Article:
written by Charlotte Kelly
Tour rooms 44 to 46 of the Ashmolean and you will find a wide array of 17th century European art. Look again though, and you may find something missing. Of the 60 or so pictures of the 17th century which have a definite attribution, every one was painted by a man. There are plenty of women depicted, but not a single work by a female artist. This is of course hardly unique to the Ashmolean, and a natural conclusion might be that women simply weren’t creating art in this period. Journey down to Room 5 in the basement however, and you will find a treasure trove of embroidery from the 17th century, the vast majority of it worked by female, largely anonymous, hands.
A number of the pieces, such as “Scenes from the Life of Abraham” and “Cushion: Couple Standing by a Fountain”, are examples of stumpwork, a style of raised embroidery which achieved popularity in 17th century in England. Stumpwork embroidery is commonly found mounted on boxes, mirror frames and other small household goods, and worked using a variety of silk and metal threads, small pieces of appliquéd fabric and beads. The most common scenes depicted are biblical stories, though secular scenes drawn from printed pictorial sources are also found (“The Four Continents”). Typical to stumpwork is a disregard for scale and perspective- an examination of the embroidery on the right door panel of “Scenes from the Life of Abraham” reveals a caterpillar half as large as the nearby figure of Hagar, and apparently floating in mid air towards Hagar’s cloak. This is no indication of a naivety of the embroiderer; rather, it simply arises from a desire to showcase a variety of techniques in a way which would be impossible if the animals were all kept to scale.
The makers of these pieces of embroidery were predominantly young wealthy women, for whom these elaborate embroidered scenes served as the crowning achievement of their juvenile studies in embroidery. Their names are largely lost, which makes “Scenes from the Life of Abraham” all the more exciting, because we have both the name of the embroiderer, and some information about its creation. The maker was one Miss Bluitt, later Mrs Payne, and the box was created while Miss Bluitt was at school in Hackney-a popular site for girls’ schools, on account of its supposedly healthier air- in the years immediately preceding the Plague.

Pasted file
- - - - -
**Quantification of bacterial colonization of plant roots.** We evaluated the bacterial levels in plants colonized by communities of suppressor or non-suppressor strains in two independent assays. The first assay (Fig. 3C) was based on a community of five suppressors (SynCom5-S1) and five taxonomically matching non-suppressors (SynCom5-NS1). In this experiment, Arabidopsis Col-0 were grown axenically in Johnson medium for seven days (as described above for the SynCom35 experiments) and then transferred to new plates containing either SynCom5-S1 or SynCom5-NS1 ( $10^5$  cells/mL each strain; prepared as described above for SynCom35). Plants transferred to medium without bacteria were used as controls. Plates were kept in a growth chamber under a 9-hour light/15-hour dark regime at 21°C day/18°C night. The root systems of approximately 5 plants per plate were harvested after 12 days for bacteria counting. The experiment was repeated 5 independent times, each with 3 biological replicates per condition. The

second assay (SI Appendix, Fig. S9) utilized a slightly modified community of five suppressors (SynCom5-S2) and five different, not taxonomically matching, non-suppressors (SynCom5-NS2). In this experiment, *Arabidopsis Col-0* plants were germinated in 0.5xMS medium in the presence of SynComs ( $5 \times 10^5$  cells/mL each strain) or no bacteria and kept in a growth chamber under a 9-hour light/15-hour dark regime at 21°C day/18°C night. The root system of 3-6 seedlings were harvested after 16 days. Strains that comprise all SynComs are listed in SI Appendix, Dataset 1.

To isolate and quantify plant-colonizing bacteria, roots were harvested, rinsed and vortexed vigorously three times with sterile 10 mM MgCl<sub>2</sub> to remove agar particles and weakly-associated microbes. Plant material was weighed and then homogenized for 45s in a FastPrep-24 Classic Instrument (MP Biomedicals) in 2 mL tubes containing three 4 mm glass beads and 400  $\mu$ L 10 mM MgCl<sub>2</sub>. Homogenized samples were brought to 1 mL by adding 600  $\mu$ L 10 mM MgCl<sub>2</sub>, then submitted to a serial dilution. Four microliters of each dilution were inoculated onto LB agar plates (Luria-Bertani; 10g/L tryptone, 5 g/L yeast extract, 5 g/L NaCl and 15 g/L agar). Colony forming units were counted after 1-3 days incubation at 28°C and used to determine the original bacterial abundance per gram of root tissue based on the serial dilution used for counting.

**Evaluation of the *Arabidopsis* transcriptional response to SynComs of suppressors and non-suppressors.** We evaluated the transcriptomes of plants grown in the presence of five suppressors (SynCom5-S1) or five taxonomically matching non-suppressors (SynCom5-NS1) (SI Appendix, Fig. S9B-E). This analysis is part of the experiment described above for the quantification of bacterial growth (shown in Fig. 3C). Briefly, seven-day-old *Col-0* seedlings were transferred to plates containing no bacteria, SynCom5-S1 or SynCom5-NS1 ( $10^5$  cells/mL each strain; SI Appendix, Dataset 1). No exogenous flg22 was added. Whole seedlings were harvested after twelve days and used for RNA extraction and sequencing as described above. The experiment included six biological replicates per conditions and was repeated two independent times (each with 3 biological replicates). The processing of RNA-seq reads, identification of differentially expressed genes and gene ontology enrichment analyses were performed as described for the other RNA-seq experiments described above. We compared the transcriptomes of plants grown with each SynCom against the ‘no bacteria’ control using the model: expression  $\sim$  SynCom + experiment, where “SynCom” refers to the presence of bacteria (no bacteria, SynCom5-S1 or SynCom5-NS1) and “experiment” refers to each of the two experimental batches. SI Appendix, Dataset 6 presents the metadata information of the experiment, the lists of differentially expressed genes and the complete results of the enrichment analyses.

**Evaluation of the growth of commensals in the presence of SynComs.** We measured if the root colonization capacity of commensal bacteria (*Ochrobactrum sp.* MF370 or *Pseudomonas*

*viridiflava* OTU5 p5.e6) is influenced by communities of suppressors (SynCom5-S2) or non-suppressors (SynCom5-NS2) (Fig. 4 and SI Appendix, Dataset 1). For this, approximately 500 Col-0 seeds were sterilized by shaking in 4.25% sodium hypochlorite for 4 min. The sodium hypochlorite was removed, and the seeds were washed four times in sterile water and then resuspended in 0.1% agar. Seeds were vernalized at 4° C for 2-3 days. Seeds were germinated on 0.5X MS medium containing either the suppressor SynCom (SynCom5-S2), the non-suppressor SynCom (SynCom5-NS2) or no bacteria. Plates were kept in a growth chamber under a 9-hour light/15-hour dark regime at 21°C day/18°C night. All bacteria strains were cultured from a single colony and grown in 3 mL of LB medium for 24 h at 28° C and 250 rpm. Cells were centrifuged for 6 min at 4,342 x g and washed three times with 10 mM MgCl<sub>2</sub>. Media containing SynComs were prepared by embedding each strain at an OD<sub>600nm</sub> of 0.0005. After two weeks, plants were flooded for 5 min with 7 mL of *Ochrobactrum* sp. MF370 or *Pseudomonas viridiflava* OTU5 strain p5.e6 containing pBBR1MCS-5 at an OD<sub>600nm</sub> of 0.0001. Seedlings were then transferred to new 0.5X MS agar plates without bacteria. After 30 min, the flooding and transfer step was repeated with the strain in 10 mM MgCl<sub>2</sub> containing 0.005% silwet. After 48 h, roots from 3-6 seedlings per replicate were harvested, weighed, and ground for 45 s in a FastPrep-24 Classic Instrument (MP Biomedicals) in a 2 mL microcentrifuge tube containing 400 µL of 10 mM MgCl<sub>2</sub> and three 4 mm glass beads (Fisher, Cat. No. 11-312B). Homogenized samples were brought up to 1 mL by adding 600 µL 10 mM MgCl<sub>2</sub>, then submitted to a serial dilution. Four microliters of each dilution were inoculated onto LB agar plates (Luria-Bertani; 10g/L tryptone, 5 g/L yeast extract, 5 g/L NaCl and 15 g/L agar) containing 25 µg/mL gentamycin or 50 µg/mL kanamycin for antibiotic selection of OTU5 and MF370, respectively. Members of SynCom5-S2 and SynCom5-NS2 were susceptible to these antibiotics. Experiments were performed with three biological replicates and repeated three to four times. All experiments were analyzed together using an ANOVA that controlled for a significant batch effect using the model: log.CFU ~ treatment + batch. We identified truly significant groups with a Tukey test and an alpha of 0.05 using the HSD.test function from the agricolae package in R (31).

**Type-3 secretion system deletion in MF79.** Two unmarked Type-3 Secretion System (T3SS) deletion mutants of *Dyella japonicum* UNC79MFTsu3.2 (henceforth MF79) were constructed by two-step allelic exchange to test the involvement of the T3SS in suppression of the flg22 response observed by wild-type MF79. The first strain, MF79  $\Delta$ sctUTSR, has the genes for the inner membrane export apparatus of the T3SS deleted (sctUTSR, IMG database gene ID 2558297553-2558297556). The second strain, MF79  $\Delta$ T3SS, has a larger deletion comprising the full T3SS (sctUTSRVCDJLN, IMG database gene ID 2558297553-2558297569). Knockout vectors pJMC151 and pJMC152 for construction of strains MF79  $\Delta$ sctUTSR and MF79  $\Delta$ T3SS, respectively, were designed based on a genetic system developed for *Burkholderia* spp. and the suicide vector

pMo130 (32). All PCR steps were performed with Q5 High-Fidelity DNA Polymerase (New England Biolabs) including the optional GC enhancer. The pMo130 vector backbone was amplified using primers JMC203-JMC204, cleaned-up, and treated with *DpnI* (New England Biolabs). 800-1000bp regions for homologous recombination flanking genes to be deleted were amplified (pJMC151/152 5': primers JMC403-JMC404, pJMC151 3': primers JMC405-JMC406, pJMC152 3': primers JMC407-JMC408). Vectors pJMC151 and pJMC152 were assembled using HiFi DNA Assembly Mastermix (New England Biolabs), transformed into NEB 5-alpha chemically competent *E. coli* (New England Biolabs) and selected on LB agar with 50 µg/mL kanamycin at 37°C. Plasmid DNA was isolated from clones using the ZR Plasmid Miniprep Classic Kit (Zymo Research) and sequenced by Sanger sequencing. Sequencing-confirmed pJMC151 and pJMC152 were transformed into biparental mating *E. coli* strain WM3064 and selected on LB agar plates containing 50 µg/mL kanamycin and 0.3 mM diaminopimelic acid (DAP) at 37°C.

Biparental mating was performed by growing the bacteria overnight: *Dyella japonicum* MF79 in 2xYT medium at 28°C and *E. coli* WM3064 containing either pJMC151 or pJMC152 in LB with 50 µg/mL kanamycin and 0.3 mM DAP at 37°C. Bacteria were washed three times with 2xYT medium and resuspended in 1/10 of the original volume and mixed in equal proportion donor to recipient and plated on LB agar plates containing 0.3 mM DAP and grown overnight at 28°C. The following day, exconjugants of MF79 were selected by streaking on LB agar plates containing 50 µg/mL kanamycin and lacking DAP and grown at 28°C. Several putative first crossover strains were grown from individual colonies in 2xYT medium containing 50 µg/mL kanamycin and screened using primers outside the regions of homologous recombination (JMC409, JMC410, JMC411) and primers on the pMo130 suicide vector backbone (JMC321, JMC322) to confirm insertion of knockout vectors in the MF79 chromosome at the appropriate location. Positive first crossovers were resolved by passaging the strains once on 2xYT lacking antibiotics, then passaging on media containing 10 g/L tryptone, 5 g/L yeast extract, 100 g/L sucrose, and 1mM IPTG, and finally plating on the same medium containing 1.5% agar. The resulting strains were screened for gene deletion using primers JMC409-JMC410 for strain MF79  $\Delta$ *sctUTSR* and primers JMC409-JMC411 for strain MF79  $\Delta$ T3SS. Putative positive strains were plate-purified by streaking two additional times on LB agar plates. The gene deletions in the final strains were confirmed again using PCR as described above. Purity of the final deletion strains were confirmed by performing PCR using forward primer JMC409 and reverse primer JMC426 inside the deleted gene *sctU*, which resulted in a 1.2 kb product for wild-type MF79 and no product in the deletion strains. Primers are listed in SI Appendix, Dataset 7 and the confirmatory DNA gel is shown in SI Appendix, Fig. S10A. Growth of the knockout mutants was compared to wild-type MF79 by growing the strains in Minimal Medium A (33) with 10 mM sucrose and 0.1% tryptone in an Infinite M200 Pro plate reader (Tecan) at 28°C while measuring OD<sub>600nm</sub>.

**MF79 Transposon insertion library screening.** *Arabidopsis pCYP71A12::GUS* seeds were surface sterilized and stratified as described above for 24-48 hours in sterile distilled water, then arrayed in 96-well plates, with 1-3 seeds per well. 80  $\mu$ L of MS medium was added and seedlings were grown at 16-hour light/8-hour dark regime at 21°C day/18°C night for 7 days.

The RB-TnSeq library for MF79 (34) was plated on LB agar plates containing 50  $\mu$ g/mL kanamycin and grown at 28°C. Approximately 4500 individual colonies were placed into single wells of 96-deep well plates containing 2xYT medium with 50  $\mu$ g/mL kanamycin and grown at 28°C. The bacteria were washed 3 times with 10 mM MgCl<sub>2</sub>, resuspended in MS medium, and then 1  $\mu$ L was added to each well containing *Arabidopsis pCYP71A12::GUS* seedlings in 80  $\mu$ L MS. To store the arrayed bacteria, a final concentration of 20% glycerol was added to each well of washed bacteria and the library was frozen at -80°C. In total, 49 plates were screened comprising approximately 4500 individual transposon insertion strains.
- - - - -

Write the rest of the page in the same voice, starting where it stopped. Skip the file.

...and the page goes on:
It is easy to imagine that embroidery was yet another means by which young women were confined to the home, their energies directed into time-consuming works displaying their feminine virtue. Certainly to complete an elaborate stumpwork box would have been the work of months, if not years. The work involved in making the detached buttonhole sections found on “Scenes from the Life of Abraham” alone would have been immense. Embroidery, requiring diligent sedentary work in the domestic sphere, was popularly linked in the pamphlets of 17th century with womanhood. It is no accident that Sarah, the dutiful wife of Abraham, is depicted in a number of stumpwork and canvas work works in the Ashmolean.
We can’t be sure how the young women embroidering these boxes felt about their creations. Some certainly found it frustrating; Lucy Hutchinson, daughter of the lieutenant of the Tower of London, wrote “and for my needle I absolutely hated it.” There are suggestions though that for at least some women, embroidery represented not a repression but rather a means of self-expression.
Rozika Parker, in her excellent and very readable book, “The Subversive Stitch”, points out that embroidery disproportionately shows biblical heroines, often in positions of power. The story of Esther, which is the subject of several pieces in the Ashmolean, shows a woman of bravery assuming a role in the masculine business of politics. The story of Sarah can also be understood not as wifely submission, but, as is given prominence on the left door of “Scenes from the Life of Abraham”, as demonstrating Sarah’s power in persuading Abraham to send away Hagar.
Due to the fragility of textiles from the 17th century, pieces from the Ashmolean’s wide collection of stumpwork and canvas work are frequently rotated. Study whichever pieces are on display, and you will find objects which are testament both to a turbulent period in social history and to the creative expression of their makers. Women were creating works of art in the 17th century; it is simply that we all too often ignore embroidery as “women’s work.”
Embroidered box, scenes from the Life of Abraham
Description: silk, linen and metal threads, hair, peacock feathers, pearls and wire mounted on a wooden carcass with silver fittings. The left section of Sarah’s dress is a later painted fabric imitating the original tent stitch embroidery; Appliqué, detached needlepoint, cut pile stitches, satin stitch and tent stitch.
Anonymous, English, possibly Miss Bluitt, later Mrs Payne
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